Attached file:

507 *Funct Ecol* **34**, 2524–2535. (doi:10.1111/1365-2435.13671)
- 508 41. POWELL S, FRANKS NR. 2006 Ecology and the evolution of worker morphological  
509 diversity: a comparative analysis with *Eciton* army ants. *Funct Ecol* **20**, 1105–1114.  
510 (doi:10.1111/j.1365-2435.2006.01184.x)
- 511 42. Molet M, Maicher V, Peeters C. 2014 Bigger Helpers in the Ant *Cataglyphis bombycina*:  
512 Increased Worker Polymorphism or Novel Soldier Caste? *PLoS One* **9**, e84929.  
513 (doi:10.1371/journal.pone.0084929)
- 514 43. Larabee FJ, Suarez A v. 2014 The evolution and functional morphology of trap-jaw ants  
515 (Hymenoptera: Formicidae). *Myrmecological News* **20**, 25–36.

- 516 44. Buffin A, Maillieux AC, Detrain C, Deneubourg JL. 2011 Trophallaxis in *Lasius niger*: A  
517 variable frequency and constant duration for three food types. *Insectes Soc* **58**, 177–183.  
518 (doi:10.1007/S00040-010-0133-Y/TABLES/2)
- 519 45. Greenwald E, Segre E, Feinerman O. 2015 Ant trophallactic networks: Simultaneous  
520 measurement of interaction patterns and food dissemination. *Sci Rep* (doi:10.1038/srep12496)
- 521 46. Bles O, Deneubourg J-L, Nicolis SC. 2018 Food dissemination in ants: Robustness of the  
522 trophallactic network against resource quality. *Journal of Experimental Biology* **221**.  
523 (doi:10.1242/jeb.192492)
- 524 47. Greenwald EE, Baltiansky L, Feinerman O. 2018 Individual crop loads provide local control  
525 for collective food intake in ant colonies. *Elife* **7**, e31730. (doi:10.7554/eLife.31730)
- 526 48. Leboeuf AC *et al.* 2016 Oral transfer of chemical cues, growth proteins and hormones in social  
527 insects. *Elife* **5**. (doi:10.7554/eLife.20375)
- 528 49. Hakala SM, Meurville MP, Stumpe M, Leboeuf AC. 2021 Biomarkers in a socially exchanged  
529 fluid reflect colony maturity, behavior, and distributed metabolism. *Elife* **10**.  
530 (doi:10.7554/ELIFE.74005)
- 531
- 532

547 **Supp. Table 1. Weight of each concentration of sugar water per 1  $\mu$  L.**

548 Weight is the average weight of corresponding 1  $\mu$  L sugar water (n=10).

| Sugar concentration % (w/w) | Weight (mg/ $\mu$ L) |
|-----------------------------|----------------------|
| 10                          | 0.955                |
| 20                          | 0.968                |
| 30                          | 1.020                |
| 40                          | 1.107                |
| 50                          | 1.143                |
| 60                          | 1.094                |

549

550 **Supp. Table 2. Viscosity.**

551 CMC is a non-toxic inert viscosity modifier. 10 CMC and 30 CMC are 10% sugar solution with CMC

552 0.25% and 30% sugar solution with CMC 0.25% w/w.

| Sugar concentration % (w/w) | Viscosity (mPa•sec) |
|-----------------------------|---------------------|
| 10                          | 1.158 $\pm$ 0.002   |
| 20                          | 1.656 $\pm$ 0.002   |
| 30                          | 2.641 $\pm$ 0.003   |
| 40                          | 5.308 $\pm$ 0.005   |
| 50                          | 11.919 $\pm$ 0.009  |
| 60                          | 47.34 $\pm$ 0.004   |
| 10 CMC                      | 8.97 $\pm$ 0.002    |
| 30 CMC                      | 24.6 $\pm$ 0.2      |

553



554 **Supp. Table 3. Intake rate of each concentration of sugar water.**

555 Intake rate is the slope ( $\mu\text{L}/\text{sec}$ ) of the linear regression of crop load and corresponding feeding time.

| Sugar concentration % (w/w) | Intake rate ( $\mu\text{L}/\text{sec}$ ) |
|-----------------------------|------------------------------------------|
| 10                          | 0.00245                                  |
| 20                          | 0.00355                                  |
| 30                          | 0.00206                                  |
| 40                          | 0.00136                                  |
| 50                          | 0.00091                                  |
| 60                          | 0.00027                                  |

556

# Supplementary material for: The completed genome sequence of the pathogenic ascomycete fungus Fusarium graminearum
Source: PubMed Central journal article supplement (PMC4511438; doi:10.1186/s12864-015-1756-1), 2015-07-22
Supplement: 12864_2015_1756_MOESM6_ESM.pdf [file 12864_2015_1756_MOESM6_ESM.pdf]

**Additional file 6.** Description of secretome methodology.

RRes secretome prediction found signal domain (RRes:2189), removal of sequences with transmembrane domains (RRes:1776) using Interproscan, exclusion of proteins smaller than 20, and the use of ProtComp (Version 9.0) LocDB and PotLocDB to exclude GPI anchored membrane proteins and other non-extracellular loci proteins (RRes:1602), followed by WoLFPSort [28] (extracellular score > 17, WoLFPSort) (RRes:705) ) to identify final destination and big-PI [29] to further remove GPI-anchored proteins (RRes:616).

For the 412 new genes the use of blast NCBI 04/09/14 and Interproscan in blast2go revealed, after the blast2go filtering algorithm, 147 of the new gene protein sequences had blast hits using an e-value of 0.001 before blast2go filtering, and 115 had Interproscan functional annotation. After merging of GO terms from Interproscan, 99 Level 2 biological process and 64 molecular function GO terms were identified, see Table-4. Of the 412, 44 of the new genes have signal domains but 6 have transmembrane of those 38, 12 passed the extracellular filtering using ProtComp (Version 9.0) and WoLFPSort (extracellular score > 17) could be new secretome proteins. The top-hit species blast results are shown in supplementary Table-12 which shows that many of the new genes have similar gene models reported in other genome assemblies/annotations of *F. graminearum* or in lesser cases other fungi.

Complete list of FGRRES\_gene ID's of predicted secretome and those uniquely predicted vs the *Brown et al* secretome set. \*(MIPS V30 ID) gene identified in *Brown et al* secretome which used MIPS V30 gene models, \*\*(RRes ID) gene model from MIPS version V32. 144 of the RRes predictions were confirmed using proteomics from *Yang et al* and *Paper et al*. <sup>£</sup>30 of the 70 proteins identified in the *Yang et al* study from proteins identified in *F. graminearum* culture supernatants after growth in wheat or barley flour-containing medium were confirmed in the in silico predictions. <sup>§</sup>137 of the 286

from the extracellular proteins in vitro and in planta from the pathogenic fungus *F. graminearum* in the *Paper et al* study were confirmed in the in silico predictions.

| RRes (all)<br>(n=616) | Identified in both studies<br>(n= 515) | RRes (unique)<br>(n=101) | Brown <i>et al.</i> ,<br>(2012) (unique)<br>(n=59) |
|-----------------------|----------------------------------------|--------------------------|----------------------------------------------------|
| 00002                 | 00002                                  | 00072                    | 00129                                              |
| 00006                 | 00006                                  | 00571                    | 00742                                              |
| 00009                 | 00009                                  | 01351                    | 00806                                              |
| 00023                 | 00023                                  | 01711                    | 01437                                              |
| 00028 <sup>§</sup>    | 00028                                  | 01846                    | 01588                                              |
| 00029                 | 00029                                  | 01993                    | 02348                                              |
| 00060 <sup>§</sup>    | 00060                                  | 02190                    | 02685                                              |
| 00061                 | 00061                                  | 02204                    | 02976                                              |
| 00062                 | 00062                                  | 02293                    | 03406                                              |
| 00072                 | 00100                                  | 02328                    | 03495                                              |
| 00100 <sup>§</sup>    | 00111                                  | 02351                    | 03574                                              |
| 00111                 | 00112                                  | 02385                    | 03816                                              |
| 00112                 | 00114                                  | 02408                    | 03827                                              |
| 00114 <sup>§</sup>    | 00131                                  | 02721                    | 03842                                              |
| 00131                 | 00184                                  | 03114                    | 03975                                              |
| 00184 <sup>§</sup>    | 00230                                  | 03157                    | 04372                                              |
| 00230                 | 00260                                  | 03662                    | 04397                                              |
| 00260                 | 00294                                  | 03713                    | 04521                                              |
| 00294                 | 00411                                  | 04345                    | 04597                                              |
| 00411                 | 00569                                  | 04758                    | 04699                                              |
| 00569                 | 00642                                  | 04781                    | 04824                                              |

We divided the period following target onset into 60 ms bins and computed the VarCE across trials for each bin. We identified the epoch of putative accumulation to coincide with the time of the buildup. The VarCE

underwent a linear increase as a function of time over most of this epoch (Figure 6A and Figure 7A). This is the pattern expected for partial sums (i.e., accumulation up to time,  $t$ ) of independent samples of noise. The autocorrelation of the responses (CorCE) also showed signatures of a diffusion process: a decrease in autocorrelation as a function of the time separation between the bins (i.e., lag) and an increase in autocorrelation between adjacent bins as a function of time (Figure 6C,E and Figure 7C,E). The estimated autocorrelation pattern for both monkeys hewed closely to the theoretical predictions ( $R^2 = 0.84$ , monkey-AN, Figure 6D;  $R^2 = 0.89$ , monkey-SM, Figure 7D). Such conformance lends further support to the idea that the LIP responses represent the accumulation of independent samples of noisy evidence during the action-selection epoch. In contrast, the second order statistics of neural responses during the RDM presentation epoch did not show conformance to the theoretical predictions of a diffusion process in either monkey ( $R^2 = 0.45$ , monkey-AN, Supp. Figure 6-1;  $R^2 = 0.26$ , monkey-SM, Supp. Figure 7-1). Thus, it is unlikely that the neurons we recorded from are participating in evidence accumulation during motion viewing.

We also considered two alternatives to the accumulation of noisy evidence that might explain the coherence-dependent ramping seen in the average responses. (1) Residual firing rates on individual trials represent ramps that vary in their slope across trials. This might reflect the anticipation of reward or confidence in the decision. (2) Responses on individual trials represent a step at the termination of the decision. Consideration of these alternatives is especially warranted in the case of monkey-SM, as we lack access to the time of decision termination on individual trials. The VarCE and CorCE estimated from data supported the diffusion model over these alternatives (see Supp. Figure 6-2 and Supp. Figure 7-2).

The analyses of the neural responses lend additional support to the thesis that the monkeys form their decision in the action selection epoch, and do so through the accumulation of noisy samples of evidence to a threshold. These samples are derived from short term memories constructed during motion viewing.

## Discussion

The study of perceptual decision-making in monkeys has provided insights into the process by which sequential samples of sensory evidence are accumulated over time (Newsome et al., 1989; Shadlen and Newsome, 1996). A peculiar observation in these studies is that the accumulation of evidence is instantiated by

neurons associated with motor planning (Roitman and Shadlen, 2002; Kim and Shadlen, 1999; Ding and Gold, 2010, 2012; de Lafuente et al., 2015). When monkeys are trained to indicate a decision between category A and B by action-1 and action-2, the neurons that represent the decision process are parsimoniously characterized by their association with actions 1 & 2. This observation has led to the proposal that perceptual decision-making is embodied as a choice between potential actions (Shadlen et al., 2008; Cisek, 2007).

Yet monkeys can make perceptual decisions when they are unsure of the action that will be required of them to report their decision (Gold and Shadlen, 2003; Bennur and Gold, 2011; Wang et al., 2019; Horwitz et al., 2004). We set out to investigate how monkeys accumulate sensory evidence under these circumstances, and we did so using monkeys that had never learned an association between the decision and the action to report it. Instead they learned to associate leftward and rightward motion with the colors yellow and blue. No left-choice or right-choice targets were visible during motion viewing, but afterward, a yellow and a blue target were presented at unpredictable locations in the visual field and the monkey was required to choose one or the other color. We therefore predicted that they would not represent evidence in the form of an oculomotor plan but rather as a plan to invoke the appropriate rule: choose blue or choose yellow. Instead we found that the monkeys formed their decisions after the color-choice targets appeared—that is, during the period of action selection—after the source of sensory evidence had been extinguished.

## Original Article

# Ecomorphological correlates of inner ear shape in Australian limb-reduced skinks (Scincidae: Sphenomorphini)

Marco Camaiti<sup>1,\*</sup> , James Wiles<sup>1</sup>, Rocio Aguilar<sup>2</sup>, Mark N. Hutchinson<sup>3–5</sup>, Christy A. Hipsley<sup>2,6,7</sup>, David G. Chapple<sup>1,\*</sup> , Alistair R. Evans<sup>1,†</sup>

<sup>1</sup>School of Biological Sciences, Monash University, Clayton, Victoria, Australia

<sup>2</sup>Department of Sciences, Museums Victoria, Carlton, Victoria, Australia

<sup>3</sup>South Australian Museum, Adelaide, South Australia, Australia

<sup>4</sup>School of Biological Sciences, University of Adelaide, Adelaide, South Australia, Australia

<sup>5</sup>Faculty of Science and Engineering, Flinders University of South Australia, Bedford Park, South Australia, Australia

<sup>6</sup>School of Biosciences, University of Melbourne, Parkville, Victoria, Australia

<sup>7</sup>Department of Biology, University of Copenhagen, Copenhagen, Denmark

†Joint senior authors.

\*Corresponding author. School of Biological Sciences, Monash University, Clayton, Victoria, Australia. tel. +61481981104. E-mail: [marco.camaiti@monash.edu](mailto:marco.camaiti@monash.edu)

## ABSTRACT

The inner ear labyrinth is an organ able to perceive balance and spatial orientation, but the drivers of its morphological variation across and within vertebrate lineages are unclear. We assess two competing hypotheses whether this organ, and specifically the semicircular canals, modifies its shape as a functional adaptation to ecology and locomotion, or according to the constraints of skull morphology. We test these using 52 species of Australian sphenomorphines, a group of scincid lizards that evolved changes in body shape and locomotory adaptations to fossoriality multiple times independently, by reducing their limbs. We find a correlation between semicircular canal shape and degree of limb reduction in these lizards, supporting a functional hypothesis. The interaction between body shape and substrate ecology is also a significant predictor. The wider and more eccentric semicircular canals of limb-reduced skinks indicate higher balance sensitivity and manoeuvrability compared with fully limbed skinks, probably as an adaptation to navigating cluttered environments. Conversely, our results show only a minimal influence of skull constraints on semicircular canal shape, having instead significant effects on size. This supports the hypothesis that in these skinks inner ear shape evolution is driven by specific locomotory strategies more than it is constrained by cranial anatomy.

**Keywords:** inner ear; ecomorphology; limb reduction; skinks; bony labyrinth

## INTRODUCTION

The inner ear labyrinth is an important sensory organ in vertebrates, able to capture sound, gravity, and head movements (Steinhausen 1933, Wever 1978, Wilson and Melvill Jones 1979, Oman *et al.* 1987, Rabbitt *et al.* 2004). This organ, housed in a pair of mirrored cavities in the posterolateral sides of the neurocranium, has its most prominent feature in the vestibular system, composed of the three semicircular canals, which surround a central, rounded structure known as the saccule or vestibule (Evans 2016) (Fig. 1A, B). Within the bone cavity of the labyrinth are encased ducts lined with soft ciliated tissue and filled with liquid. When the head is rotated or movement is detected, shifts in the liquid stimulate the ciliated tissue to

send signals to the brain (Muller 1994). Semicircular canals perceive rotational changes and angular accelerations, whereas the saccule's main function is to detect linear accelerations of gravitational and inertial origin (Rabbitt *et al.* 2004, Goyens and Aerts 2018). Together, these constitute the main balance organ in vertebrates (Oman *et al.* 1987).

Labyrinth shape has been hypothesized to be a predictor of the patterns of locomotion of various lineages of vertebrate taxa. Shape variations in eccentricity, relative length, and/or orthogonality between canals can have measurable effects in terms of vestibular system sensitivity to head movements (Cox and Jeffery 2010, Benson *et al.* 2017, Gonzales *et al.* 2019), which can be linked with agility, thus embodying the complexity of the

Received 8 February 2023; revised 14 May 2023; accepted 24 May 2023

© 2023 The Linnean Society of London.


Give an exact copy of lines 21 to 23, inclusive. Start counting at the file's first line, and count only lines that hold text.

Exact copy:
527 insects. *Elife* **5**. (doi:10.7554/eLife.20375)
- 528 49. Hakala SM, Meurville MP, Stumpe M, Leboeuf AC. 2021 Biomarkers in a socially exchanged  
529 fluid reflect colony maturity, behavior, and distributed metabolism. *Elife* **10**.  